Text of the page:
It turns out Lady Pink was right. Using the knowledge he had gained from his work on commercial campaigns, Jolt started to develop a versatile brand for himself and his work. Four years ago, he established Guerilla Garden, a studio/gallery to showcase his work and that of fellow artists while serving as a hub for new artists looking for guidance.

"With the knowledge I put into play with branding and whatnot, it when hand in hand and just kind of took it to a whole other level. It went from surviving to making money," Jolt says. "I give them advice. I tell them how to make money. I have been there, and I even tell them, 'Save yourself all them headaches.' I am trying to be down with everybody and what they are doing and help out in any way. A lot of good careers have been born in this studio over the last four years."

At the end of the day for Jolt, it is all about connecting the underground art scene to the people in the city who have the funding.

"It's all about sharing it," Jolt says, "because at the end of the day the art speaks for itself."

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Emilie Johnson
What matters most to him now is getting recognition -- not the kind of props that come in cash, but recognition of the work being done in Denver to establish a future for street art in the mainstream.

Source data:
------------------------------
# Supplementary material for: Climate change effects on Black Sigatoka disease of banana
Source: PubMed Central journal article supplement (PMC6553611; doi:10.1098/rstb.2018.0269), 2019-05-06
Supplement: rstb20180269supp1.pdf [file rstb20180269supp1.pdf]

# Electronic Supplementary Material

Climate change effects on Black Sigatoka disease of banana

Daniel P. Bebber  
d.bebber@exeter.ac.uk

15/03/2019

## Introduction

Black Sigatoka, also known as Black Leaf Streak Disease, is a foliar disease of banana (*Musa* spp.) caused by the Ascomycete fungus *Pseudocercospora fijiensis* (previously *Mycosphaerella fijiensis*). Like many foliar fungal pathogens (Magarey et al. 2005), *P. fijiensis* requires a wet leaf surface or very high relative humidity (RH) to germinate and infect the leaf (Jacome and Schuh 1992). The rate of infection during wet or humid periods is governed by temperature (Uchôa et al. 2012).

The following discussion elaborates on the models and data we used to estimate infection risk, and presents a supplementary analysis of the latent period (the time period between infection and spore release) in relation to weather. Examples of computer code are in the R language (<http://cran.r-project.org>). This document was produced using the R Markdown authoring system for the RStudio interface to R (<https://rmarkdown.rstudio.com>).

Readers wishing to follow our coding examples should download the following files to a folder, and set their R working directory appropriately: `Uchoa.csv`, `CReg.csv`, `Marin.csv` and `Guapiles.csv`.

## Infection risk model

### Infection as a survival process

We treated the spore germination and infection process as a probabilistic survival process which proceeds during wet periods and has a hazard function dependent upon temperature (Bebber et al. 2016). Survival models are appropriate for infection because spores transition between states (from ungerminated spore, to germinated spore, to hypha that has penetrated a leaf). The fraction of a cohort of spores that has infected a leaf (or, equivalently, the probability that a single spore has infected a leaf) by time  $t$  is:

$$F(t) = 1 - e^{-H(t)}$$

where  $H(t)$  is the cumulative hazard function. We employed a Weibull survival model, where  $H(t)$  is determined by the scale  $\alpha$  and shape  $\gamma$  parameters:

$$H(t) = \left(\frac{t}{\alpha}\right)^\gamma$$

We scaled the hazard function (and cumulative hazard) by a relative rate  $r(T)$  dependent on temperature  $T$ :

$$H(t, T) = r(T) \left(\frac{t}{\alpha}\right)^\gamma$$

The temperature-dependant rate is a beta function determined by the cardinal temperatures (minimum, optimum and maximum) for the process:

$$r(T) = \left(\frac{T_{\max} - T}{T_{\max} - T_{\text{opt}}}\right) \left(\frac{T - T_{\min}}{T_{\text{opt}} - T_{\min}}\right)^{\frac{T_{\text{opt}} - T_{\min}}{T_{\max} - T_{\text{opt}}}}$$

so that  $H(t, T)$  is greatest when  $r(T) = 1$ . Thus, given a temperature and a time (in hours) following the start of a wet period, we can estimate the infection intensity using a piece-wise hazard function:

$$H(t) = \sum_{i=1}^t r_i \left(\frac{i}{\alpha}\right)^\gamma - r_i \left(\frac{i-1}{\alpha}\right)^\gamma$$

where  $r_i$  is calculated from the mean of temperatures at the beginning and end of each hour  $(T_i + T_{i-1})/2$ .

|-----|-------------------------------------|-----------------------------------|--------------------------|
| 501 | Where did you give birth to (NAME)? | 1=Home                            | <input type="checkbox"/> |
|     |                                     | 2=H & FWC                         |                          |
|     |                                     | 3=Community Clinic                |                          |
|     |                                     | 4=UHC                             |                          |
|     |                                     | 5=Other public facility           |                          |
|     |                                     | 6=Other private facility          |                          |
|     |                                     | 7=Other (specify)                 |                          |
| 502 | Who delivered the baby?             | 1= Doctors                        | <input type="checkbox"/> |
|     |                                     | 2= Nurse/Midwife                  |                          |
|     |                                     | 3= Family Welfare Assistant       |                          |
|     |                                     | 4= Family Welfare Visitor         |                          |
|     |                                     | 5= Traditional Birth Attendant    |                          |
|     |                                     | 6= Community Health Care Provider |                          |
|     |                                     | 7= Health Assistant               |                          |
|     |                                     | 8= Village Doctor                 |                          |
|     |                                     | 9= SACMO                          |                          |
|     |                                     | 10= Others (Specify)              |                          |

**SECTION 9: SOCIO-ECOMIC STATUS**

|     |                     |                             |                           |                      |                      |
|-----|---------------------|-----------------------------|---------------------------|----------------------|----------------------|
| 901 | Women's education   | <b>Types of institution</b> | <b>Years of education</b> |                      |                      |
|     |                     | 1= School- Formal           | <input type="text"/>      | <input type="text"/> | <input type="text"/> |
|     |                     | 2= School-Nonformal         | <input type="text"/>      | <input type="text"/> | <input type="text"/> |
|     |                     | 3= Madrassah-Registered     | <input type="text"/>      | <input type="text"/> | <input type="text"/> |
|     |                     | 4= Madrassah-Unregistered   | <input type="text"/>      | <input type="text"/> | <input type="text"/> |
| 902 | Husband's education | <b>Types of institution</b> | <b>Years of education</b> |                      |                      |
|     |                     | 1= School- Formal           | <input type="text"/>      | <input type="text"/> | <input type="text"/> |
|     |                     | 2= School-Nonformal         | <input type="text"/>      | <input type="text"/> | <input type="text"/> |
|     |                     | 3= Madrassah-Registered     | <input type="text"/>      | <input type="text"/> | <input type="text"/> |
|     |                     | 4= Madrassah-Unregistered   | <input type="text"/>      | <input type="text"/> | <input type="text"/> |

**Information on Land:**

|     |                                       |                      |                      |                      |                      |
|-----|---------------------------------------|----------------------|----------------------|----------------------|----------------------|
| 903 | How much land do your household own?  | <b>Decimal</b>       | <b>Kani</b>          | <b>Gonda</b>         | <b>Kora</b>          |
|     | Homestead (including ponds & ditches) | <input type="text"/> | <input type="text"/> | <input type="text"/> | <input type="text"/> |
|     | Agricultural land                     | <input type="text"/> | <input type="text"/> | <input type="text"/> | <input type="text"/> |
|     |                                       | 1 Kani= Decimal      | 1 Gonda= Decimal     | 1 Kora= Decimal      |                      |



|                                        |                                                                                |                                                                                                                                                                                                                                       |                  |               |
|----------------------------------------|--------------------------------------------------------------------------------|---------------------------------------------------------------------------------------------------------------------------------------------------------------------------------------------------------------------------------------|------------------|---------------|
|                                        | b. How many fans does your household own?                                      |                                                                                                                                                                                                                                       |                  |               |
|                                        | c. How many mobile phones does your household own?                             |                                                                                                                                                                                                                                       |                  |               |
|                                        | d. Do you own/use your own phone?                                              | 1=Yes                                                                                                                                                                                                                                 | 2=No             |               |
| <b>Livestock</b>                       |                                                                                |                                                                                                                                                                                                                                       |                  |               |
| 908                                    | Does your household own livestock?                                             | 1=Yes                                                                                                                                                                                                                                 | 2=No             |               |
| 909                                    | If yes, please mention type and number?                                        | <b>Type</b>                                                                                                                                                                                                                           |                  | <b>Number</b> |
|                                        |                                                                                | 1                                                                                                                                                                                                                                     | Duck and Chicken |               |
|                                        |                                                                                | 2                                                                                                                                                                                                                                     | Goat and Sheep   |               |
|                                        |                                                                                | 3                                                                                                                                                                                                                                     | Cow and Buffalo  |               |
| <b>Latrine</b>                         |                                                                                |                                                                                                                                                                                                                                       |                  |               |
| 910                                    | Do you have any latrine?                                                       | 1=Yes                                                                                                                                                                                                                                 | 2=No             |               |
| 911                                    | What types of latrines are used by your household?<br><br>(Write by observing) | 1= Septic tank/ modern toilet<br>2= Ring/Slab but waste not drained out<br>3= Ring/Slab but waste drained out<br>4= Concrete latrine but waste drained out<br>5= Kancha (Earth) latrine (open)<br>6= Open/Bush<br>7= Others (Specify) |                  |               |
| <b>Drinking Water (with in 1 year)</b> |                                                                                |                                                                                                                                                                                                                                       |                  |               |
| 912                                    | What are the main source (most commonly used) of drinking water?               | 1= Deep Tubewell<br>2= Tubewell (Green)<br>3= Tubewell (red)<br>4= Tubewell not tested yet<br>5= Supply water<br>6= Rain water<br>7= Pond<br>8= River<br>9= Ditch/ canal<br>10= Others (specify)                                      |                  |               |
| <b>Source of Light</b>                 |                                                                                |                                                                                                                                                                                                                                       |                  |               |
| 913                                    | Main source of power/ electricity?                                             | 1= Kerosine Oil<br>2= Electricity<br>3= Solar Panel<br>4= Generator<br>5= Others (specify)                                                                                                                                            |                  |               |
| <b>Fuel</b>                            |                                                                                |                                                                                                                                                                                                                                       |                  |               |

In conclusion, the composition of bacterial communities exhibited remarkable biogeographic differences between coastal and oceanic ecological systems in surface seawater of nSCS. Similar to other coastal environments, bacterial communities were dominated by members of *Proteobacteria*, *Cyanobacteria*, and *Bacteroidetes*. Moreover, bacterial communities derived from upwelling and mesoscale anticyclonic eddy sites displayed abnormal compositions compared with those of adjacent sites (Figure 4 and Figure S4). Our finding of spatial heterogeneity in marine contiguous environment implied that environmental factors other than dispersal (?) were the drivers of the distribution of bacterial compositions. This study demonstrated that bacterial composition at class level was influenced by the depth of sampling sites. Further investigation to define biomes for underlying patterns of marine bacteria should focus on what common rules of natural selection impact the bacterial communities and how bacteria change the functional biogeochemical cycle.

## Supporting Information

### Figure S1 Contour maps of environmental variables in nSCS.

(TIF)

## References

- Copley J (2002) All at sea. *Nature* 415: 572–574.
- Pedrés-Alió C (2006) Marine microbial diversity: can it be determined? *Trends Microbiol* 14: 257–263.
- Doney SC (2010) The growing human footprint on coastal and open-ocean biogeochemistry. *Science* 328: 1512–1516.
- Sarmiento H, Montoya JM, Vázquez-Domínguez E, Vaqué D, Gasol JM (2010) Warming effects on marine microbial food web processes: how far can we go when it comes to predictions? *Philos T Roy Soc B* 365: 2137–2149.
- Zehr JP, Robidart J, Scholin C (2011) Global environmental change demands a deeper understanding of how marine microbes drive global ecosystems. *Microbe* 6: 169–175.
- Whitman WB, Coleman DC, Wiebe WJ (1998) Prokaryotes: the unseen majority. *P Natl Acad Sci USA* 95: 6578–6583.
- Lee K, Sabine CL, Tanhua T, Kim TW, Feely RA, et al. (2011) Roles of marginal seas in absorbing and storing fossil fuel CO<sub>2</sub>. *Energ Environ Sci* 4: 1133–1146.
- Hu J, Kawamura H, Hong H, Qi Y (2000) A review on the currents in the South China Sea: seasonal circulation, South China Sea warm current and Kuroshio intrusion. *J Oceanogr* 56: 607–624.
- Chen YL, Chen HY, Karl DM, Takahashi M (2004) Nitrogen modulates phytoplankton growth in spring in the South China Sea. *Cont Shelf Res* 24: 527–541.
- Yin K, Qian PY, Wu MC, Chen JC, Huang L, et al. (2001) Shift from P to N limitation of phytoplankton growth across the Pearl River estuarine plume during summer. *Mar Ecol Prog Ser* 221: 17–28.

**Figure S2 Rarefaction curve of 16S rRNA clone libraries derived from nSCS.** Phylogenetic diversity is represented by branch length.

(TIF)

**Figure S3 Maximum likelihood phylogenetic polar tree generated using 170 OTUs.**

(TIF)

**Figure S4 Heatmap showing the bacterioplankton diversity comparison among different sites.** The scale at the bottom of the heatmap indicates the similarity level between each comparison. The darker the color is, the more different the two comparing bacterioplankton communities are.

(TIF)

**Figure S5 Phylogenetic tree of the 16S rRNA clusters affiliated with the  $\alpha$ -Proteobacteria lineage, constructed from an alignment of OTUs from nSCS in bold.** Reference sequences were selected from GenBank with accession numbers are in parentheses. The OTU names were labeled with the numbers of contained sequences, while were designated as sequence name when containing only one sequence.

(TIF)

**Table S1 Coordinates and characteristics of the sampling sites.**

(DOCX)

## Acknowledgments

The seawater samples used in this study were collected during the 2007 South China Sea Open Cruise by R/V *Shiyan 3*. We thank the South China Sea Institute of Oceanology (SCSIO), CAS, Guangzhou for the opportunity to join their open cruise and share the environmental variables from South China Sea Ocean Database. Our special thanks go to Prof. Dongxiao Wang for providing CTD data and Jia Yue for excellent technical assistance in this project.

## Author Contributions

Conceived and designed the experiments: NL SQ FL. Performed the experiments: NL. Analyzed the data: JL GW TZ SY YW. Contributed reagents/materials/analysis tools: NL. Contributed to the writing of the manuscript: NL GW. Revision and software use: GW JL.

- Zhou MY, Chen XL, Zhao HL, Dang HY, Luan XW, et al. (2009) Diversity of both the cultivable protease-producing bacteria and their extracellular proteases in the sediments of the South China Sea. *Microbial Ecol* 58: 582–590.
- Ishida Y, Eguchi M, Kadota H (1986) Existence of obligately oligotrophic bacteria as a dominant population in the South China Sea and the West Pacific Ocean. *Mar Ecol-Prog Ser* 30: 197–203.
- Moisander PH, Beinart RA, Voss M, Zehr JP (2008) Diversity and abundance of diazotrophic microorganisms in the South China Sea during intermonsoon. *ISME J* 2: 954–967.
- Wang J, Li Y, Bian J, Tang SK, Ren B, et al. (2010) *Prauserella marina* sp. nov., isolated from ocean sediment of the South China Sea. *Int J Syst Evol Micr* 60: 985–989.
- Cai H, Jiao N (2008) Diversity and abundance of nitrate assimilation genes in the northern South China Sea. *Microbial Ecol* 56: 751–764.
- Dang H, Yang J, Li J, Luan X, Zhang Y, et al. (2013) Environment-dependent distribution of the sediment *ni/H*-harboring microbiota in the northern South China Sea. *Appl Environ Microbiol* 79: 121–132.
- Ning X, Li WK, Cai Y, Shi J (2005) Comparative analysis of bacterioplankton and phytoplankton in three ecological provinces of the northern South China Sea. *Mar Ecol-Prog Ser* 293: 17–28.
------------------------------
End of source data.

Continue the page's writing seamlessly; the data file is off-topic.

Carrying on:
"Here in Denver, people recognize my work, but outside of Denver people don't really know what I'm doing, hence they really don't know what's going on in Denver as far as our art scene and our culture," Jolt says. "There are kids coming out of the pockets of the world, and they are interpreting it their own way, and that takes the culture to the next level. The further it grows, the better it becomes, the bigger it gets."

Denver always has and always will be his home because it is the perfect place to have a family, paint a wall legally and still be doing graffiti. Jolt has a lot of pride in his city and wants to work toward making it the best it can be.

"Across the board, the public art here in Denver is incredible," Jolt says. "It's great to be a part of it and grow with the city. Now it's just a matter of getting the world's attention on what's going on here...bringing people out here and sharing what we have."

Jolt has a busy summer planned for Guerilla Garden. Between community pieces, art shows, paintings, personal projects and a new mural next to David Choe's work at the Denver Performing Arts Complex, Jolt will continue to contribute to the scene.




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Guerilla Garden

3821 Steele St., Denver, CO

Category: General

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1 comments
RevBF
RevBF

What's the scoop on what happened with him and the "Gangland" series? Rumors flew around about an apology after they used one of his Gorillas on the Denver episode tied to it being gang graffiti. I've noticed that they edited it out of subsequent airings.